The Good: Superslim frame, extremely deep black levels, multiple inputs for external devices
The Bad: Processing technology sacrifices warmth for crispness; color bezel may turn some off
The Bottom Line: A set for those who value ultraslim bezel and gee-whiz features
I'm always suspicious when companies name their products using the good-better-best numbering convention used by BMW. Too often, features added to the base model are simply too marginal to justify the additional cost.
Samsung, which uses this numbering system it its line of HD televisions, shipped me its 46-inch Series 8 high-definition LCD television not long after I reviewed the Series 6. At the outset, the Series 6 was $400 to $500 cheaper. It boasts a 52-inch screen and ranked among my best reviewed products of the year. The bar was high, but the Series 8 largely met my expectations.
A Stunning Picture in a Svelte Frame
The biggest difference between the Series 8 and other models in amsung lineup is the thickness of the frame when viewed from the side. It drops to 1.9 inches from the previous version's 3.9 inches. The Series 8 model also features a more severe cut to the angle at the edges, making the 46-lb. unit more suitable for hanging on the wall. For the extra money, Samsung also includes a second remote about the size of a garage door clicker that handles some of the set's basic functions.
Like the earlier version, the LN46A850 infuses hints of red in the black bezel surrounding the screen, though the effect was not nearly as noticeable as with the Series 6, perhaps because the smaller screen does not reflect as much light. Those who dislike Samsung's "Touch of Color" will rejoice. But for me, the reds in the Series 6 pop, while the Series 8 looks more utilitarian.
Like all its large-screen sets, Samsung's Series 8 delivers a stunning picture with a native resolution of 1,920 by 1,080 progressive. That means it is capable of delivering "full HD" 1080p technology offered with Blu-ray movies and Sony's (SNE) PlayStation 3. No television shows are currently broadcast at 1080p, but Samsung uses processors to upconvert the picture to the set's native resolution.
Makers of LCD TVs use so-called dynamic contrast ratio to create rich, dark, multifaceted darks and nuanced, white whites. Samsung's Series 8 does this through a relatively high 50,000-to-1 ratio that handles video with ease. In one of my favorite test scenes from the movie There Will Be Blood, where the oil well blows and becomes a raging inferno, the 850 delivers all the shadowy detail in the dark areas while making the fire appear almost three-dimensional. And the gloomy but richly detailed depiction of Victorian London in the Blu-ray version of Sweeney Todd: The Demon Barber of Fleet Street was as glorious on the small screen as in the theater.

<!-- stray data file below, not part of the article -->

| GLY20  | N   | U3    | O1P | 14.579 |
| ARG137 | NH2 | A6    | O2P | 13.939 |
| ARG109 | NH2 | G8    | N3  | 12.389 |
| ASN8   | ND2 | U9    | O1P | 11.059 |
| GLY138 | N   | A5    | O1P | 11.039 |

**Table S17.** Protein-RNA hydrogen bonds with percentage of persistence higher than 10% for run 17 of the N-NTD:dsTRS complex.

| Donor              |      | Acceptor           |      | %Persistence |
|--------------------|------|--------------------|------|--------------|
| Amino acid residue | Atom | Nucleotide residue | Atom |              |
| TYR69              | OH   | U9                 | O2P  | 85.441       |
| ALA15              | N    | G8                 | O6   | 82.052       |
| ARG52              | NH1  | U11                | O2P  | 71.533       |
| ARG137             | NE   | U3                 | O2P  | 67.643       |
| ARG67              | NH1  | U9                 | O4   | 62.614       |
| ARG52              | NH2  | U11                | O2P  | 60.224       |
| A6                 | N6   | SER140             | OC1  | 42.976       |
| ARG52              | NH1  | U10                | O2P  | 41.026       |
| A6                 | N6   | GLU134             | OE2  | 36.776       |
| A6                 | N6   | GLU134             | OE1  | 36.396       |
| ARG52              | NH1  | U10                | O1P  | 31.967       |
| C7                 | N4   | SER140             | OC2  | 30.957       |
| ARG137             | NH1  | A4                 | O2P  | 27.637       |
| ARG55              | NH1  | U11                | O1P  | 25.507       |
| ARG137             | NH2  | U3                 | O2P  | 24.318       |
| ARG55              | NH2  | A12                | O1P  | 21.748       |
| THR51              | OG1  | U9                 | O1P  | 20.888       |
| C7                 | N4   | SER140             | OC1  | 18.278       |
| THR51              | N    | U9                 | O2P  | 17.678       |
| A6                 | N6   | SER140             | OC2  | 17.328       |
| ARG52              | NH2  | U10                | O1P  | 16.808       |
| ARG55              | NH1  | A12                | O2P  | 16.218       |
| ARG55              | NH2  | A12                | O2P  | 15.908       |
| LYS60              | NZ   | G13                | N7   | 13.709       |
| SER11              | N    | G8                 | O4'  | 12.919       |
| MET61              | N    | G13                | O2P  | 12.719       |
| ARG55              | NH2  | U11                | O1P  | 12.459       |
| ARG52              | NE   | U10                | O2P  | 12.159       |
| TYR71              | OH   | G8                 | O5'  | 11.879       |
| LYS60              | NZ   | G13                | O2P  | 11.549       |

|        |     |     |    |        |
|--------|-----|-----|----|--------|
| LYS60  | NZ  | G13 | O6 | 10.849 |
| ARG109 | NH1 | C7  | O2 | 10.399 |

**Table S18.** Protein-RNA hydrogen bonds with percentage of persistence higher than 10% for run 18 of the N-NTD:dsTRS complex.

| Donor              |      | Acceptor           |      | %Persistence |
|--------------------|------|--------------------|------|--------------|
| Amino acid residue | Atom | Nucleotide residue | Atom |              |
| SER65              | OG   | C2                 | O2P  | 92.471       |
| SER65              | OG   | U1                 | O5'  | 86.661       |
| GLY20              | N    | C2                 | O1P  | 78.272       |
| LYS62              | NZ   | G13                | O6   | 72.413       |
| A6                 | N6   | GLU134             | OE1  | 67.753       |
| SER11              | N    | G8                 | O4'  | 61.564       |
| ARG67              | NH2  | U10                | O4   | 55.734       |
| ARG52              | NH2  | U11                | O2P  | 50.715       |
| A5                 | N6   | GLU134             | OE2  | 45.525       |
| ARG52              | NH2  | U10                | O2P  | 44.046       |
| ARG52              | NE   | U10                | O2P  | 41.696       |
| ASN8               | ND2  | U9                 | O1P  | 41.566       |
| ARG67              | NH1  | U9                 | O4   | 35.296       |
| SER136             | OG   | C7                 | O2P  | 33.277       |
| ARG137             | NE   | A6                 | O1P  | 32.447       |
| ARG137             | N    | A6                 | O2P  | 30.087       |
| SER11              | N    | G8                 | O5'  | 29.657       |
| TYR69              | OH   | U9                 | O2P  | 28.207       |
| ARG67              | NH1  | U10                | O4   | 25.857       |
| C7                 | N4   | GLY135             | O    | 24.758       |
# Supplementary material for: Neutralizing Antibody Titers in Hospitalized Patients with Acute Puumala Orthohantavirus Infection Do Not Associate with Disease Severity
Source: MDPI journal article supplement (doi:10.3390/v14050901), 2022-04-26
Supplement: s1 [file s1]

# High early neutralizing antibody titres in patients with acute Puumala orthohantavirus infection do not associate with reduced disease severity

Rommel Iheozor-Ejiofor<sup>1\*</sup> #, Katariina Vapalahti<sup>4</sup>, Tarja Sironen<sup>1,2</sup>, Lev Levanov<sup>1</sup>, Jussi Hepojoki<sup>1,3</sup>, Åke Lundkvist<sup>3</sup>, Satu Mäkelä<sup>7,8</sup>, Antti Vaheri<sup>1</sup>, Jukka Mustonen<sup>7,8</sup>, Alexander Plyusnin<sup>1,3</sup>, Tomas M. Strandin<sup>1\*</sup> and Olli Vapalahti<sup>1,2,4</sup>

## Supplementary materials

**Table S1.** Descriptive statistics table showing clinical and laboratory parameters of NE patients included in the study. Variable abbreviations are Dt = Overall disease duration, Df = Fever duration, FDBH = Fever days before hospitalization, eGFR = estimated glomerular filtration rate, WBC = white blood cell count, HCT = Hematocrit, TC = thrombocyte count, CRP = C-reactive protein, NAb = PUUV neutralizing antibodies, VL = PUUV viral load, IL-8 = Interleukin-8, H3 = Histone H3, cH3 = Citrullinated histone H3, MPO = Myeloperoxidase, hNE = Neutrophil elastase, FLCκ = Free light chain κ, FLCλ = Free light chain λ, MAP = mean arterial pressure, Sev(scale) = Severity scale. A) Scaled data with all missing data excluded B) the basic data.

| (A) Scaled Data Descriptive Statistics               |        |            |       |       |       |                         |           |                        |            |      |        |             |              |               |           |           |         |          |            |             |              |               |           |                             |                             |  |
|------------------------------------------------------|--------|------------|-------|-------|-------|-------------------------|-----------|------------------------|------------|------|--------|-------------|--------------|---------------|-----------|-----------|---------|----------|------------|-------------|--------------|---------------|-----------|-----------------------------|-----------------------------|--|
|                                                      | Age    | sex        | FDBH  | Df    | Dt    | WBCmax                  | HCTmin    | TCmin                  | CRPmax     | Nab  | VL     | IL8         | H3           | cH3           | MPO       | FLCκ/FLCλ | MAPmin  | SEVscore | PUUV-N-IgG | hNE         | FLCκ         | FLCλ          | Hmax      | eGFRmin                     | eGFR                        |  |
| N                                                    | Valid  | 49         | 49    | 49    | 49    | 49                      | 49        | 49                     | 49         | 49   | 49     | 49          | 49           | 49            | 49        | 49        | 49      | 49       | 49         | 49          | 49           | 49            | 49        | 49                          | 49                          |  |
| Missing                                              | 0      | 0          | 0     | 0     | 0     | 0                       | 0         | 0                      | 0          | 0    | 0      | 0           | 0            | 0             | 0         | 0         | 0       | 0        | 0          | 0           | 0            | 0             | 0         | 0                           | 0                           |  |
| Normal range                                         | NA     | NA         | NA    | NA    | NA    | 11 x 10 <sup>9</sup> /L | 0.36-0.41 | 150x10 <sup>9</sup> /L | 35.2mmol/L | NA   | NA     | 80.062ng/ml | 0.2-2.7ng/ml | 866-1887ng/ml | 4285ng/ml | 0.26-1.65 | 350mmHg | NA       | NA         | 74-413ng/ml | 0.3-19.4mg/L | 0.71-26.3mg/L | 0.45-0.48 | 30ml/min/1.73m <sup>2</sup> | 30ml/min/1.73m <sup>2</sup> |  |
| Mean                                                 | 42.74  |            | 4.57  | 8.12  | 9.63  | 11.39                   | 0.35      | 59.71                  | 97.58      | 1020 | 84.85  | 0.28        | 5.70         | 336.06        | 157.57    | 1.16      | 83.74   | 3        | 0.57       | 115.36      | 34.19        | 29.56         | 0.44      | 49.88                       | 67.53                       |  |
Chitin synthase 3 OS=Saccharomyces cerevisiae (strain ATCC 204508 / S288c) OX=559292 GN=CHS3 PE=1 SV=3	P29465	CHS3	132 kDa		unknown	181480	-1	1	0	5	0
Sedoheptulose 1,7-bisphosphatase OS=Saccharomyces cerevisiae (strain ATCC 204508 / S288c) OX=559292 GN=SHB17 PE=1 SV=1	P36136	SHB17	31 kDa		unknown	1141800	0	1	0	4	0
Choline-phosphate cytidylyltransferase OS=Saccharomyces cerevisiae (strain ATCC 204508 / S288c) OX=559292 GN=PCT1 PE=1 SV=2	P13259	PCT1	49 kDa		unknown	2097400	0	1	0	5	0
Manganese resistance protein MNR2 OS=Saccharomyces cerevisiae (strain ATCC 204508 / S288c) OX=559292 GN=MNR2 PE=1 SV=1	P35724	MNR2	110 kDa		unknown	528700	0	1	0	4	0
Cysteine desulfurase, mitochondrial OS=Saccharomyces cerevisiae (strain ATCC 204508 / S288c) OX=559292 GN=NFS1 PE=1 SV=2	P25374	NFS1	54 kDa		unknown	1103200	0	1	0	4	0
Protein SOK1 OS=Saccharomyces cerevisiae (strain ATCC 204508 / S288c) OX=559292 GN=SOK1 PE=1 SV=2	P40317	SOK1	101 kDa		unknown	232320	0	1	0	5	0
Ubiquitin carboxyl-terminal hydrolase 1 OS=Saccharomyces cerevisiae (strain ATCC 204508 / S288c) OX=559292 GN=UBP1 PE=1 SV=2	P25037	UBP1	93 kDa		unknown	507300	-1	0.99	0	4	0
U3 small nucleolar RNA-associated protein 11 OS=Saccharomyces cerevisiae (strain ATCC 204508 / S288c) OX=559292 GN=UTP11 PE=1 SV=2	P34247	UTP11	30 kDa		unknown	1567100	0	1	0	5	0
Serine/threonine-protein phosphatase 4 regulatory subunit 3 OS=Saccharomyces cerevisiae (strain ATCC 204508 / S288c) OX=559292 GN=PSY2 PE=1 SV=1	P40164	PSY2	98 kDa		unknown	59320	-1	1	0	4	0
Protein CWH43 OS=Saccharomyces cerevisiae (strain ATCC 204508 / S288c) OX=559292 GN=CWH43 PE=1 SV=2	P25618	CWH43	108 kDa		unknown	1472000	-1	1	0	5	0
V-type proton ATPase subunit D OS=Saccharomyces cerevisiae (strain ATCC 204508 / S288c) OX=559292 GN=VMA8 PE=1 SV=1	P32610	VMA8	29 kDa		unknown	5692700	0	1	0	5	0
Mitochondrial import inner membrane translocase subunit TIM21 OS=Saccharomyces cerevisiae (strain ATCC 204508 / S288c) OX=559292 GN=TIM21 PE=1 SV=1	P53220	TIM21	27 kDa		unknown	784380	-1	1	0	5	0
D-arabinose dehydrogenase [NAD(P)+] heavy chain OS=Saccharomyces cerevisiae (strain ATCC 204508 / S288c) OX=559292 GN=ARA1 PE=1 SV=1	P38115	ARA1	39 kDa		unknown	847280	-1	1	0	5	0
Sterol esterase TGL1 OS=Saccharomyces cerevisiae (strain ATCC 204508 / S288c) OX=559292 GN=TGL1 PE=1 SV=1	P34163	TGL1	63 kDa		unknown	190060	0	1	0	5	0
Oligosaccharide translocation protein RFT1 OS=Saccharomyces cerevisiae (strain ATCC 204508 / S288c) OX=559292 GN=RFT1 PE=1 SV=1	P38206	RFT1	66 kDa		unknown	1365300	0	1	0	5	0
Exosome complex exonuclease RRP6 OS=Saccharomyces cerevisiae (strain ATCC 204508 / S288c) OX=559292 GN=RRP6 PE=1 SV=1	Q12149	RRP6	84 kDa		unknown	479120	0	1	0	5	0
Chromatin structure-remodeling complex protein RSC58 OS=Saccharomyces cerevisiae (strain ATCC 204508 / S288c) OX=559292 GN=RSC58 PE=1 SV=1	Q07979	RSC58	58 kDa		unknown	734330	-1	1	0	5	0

Though I would have preferred a set with a larger screen size, sports broadcasts look positively stunning even on the 46-incher. Samsung's video processing engine at times can make other television shows look somewhat severe because of its crispness, but that same engineering choice makes watching college football and other sports a joy. Like many newer LCD sets on the market, the Series 8 includes technology that doubles the screen refresh rate and helps prevent motion blur in fast-moving scenes.
Plug in Everything, Including Internet
With the Series 8, you can attach a cable, satellite, or TiVo (TIVO) set-top box, PlayStation 3, and standalone Blu-ray player with plenty of inputs to spare. There are three HD multimedia (HDMI) inputs on the back, and another on the panel's left side. There's also a pair of component-video inputs; a single RF input for cable and antenna; and a VGA input for computers. The side panel also sports an additional input with S-Video and composite video, a headphone jack, and a USB port for displaying pictures off flash drives or cameras.
On the back, Samsung also includes an Ethernet port. Connect it via a cable to the Internet, and USA Today RSS feeds pop up on the set, from which you can download the latest news, stock ticker information, and localized weather. It's a very rudimentary implementation of Internet TV, but no doubt will improve as the service is expanded to offer direct video downloads of movies and other software.
Another enhancement on Samsung televisions, beginning with the Series 7, is the Samsung Content Library. It comes preloaded with games, recipes, fitness programs, and a slide show of high-definition art and music that can be played while entertaining guests. It's interesting, but has little initial appeal. Samsung says it will be making more content available to its Web site, which can be downloaded via computer to a USB memory drive and transferred to the television.
One of my favorite accompaniments to this year's crop of Samsung Touch of Color televisions is the svelte master remote. Featuring back-lit keys for operation in darkened rooms, it fits nicely in the hand and incorporates a scroll wheel for menu navigation. It's a nice touch, letting the user change settings by feel alone, instead of forcing you to squint or hold it close to see what you're doing. Samsung simplifies the on-screen menu system by opting for iconic representations of settings. To adjust individual picture settings, for instance, you select a picture of a TV with color bars. Once there, plenty of options await both novices and pros.
Even if the new features didn't justify a higher price (they do), the Series 8 is nevertheless worth consideration for the very fact that HDTV prices are falling fast. Now, the 850 can be found online for about $1,800. That means you can pick up the Series 8 with its additional features and ultraslim design at less than the cost for which the Series 6 retailed a few months ago. So choosing between one series and the next becomes less a matter of price, and more about the features you crave.
Edwards is a correspondent in BusinessWeek's Silicon Valley bureau.